Ted Leo & The Pharmacists return this week with their first new release since 2004, the eclectic Living With The Living. The record marks more of a return to form than a great leap forward for Leo, reestablishing him as an artist comfortable working with a vast array of influences, as well as a vital political voice. It was produced by Fugazi’s Brendan Canty, and offers a long set of songs (15 of ’em!) where his trademark punk is once again mixed healthily with soul, dub, Celtic, classic rock, pop, and reggae. Ted Leo has never sounded more consistently invigorated, and while Living With The Living may not be his best collection of songs, it may well be his most listenable, offering plenty for both enthusiasts and newcomers.
For much of the record Ted and the band sound refreshed and convincing, much more so than on 2004’s forgettable Shake the Sheets. Living With The Living swings for the fences. It plays out like his attempt at a London Calling, brimming with every influence Ted can throw in the pot, and full of enough memorable songs to impress for at least ¾ of itself. So yeah, few albums that run an hour have the attention span to be considered greats, let alone mentioned in the same breath as London Calling, and this one unfortunately suffers from these same editing issues. More than one experiment comes across as half-baked (the pop-influenced “Colleen”) , or just unappealing altogether (the militaristic “Bomb. Repeat. Bomb.”). Listening straight through can become tedious, especially since several of the songs have running times in the 5-7 minute range. There is a great 10 or 11 song album, Ted’s best, buried in Living With The Living, so it works better if listened to in spurts, or condensed into a shorter play list, so these moments come in quick succession instead of waiting around for them.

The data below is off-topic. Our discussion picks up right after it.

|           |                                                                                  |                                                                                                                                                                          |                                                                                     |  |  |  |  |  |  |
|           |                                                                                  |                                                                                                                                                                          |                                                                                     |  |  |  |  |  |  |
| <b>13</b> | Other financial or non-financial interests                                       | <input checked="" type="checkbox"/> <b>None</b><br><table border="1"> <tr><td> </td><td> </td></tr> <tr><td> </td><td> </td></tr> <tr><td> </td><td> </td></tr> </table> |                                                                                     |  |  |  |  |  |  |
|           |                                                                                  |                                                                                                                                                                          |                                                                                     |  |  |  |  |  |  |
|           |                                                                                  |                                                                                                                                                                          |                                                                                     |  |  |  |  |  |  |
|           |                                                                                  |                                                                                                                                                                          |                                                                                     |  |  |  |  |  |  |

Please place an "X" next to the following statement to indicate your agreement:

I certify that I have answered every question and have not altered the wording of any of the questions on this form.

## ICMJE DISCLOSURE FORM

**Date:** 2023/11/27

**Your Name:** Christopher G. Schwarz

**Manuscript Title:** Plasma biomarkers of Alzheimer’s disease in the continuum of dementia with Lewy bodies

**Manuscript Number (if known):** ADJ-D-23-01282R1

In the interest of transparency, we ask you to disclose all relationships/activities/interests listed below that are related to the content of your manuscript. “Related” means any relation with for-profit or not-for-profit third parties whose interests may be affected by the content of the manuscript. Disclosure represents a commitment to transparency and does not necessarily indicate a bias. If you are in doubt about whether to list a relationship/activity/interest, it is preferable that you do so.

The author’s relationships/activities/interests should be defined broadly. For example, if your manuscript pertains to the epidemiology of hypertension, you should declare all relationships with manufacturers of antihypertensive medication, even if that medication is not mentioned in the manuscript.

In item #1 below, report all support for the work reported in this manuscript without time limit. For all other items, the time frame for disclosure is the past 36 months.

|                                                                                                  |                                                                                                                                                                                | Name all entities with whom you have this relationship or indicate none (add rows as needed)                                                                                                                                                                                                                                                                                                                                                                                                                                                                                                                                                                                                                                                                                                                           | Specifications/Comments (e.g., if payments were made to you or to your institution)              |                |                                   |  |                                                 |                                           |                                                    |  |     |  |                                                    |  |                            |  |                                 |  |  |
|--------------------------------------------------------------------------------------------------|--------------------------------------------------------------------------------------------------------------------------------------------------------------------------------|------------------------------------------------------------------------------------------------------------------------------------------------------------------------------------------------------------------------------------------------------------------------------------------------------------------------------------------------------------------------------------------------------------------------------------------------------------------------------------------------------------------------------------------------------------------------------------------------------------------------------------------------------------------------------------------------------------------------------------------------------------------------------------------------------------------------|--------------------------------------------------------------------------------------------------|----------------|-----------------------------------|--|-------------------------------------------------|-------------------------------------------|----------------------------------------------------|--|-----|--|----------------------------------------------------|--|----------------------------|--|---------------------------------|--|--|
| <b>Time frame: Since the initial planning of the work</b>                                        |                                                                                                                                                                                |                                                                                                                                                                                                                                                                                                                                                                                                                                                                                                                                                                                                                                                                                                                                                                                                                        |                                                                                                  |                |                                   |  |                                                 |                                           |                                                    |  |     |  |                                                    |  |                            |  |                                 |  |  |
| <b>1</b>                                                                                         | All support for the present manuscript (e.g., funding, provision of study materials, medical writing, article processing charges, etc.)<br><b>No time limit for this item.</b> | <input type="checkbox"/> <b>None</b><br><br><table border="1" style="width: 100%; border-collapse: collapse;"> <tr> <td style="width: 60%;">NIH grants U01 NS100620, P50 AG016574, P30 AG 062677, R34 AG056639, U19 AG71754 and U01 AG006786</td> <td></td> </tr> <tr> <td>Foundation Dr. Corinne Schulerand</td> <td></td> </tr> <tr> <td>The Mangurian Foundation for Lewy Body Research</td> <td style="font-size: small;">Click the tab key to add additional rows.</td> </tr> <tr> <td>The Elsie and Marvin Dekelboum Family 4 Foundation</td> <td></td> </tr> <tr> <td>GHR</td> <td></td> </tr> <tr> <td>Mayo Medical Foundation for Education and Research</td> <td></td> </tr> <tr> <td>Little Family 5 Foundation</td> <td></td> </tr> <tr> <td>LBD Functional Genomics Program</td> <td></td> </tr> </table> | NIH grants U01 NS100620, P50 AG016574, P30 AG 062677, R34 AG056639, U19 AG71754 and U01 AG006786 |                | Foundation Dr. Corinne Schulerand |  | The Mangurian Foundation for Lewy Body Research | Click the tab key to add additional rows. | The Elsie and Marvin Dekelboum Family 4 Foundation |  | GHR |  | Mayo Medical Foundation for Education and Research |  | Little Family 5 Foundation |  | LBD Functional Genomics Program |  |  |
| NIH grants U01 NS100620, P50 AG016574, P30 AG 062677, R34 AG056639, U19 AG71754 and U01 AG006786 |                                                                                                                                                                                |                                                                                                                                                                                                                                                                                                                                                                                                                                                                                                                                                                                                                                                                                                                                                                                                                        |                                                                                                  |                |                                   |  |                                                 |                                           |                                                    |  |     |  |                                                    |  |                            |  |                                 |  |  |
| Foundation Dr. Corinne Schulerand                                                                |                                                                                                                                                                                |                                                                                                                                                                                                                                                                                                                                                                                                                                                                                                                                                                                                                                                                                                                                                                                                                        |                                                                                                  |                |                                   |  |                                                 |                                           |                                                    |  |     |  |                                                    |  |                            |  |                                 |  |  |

“The Sons of Cain” started making its way around the internet in January, and served as an exciting first listen. Capturing the brash and audacious energy gushing from the first half of the album, the song is propelled by a frantic, self-assured efficacy. He’s in his comfort zone and the band is prime - all punk rock fury mixed with some Who-like power chords. “La Costa Brava” is Ted successfully trying something new. At nearly 6 minutes, the song rides a highly melodic rhythm guitar line reminiscent of, dare I say, popular 1980’s music, and combines it with a vocal melody that is among his most immediate. The band lets loose at a few points, but finish the song with a prolonged meshing of harmony vocals, something that hasn’t been used by the band this effectively prior to this song.
MP3 :: The Sons of Cain
MP3 :: La Costa Brava
(from Living With The Living)